Defendant says further that while the terms of the insurance policy are not before us, we should assume that it contained the standard form of "Assistance and Cooperation of the Insured" clause. In the two depositions, taken by agreement, defendant *476 had testified fully as to his version of the occurrence. In both he admitted that the car was operated and performed exactly as plaintiff testified and that he had no knowledge as to what caused it to perform as it did. It is true that there was a variance between his testimony with that of Mary Savage, but there is little or no substantial variance between the statement given by him and her testimony; and it must be borne in mind he reaffirmed the statement in his last deposition. It is inconceivable that he would have or could have consistently (and with good effect) given different testimony had he been present at the trial. Neither can it make the least difference that subsequent to the taking of defendant's depositions the petition was amended changing the basis of plaintiff's action from one of specific negligence to res ipsa loquitur; in no manner readily discernible could it have enlarged or changed his knowledge of the facts.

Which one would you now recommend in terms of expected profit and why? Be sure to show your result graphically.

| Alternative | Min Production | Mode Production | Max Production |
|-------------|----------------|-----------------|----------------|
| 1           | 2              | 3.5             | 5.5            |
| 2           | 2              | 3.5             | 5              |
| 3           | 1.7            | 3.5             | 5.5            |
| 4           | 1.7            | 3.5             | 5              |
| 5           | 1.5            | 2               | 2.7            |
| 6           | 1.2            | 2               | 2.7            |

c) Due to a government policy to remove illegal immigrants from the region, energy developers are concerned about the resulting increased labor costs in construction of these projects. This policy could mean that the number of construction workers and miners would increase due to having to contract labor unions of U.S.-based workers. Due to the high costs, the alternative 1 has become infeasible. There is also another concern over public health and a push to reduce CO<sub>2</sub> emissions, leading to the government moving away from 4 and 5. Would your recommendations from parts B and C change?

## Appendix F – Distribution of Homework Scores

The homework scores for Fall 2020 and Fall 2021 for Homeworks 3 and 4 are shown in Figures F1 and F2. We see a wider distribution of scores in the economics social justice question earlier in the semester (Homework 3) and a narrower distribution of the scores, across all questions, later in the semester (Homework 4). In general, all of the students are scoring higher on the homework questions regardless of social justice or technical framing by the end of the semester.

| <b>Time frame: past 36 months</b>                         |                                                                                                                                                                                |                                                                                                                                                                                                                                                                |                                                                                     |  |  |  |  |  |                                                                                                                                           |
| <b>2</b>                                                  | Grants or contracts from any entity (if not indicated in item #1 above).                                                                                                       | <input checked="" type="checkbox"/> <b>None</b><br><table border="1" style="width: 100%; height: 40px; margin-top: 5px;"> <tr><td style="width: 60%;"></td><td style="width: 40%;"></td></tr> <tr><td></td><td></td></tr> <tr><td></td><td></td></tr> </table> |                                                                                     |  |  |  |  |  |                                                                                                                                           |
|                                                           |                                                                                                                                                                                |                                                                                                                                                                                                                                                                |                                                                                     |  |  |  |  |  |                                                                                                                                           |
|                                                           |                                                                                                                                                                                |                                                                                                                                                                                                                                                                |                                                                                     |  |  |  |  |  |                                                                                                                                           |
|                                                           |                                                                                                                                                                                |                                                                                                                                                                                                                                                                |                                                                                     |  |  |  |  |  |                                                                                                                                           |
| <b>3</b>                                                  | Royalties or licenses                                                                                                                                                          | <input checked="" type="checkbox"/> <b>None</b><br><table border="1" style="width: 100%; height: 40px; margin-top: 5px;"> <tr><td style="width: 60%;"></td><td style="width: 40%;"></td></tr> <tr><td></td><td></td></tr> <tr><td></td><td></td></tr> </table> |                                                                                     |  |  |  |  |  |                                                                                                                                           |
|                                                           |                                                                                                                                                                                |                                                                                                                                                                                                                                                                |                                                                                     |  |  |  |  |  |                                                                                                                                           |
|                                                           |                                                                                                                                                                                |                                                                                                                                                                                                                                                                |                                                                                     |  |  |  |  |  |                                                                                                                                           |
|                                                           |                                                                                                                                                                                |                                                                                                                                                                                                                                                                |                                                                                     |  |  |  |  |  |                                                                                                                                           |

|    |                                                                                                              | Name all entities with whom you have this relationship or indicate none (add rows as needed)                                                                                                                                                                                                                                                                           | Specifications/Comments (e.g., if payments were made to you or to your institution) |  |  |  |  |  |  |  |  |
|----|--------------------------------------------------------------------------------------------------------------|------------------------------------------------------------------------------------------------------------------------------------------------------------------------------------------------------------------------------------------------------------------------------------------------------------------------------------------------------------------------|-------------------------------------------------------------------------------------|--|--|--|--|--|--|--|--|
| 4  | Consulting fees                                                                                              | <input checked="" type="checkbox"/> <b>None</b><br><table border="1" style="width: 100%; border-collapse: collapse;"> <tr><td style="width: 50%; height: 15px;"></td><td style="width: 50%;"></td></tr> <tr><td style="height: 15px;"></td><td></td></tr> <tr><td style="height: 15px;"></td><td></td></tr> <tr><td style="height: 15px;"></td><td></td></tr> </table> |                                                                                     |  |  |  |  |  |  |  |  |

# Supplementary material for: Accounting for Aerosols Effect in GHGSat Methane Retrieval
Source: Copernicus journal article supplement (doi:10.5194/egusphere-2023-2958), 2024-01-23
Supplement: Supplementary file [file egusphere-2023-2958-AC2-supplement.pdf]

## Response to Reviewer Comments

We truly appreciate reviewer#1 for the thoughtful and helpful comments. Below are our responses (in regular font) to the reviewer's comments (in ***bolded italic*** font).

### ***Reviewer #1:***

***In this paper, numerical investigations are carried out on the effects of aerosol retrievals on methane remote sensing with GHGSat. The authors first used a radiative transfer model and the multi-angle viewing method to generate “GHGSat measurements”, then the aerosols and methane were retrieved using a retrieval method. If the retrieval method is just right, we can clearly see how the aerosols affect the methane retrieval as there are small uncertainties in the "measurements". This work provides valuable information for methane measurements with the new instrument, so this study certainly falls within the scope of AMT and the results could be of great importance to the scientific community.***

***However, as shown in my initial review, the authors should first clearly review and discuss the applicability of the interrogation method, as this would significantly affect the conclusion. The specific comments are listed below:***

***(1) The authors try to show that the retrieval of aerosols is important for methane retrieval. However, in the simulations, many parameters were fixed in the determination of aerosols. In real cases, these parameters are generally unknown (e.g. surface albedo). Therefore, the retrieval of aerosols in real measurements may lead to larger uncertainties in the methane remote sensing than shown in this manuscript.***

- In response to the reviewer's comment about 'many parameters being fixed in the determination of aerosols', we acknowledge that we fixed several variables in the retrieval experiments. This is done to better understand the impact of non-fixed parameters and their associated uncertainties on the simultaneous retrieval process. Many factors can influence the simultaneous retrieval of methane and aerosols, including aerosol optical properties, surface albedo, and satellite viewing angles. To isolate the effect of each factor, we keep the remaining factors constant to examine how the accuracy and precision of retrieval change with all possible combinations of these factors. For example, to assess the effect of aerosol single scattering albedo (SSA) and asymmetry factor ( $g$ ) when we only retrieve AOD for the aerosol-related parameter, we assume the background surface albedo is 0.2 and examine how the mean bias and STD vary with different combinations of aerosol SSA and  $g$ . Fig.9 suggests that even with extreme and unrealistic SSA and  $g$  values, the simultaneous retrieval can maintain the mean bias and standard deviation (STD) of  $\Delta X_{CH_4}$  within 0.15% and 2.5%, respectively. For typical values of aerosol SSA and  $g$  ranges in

Section 201 of the Soldiers' and Sailors' Civil Relief Act of 1940, 54 Stat. 1181, 50 U.S.C.A.Appendix, § 521, requires continuance of a suit under the circumstances here present, "unless, in the opinion of the court, the ability of plaintiff to prosecute the action or the defendant to conduct his defense is not materially affected by reason of his military service."
In Gross v. Williams, 8 Cir., 1945, 149 F.2d 84, wherein the action of the trial court in overruling a motion for continuance in a case in which the facts were comparable to those in the instant case was under review, the Circuit Court of Appeals said, 149 F.2d loc. cit. 86:
"The mere fact of service in the armed forces of the United States does not entitle a party to a stay of proceedings against him as a matter of right. The trial court may and should deny the stay when it is apparent that the party absent in the military service will not be materially prejudiced by the trial of the case. Boone v. Lightner, 319 U.S. 561, 63 S. Ct. 1223, 87 L. Ed. 1587. Under the record in this case we can not say that the discretion of the trial court was erroneously exercised.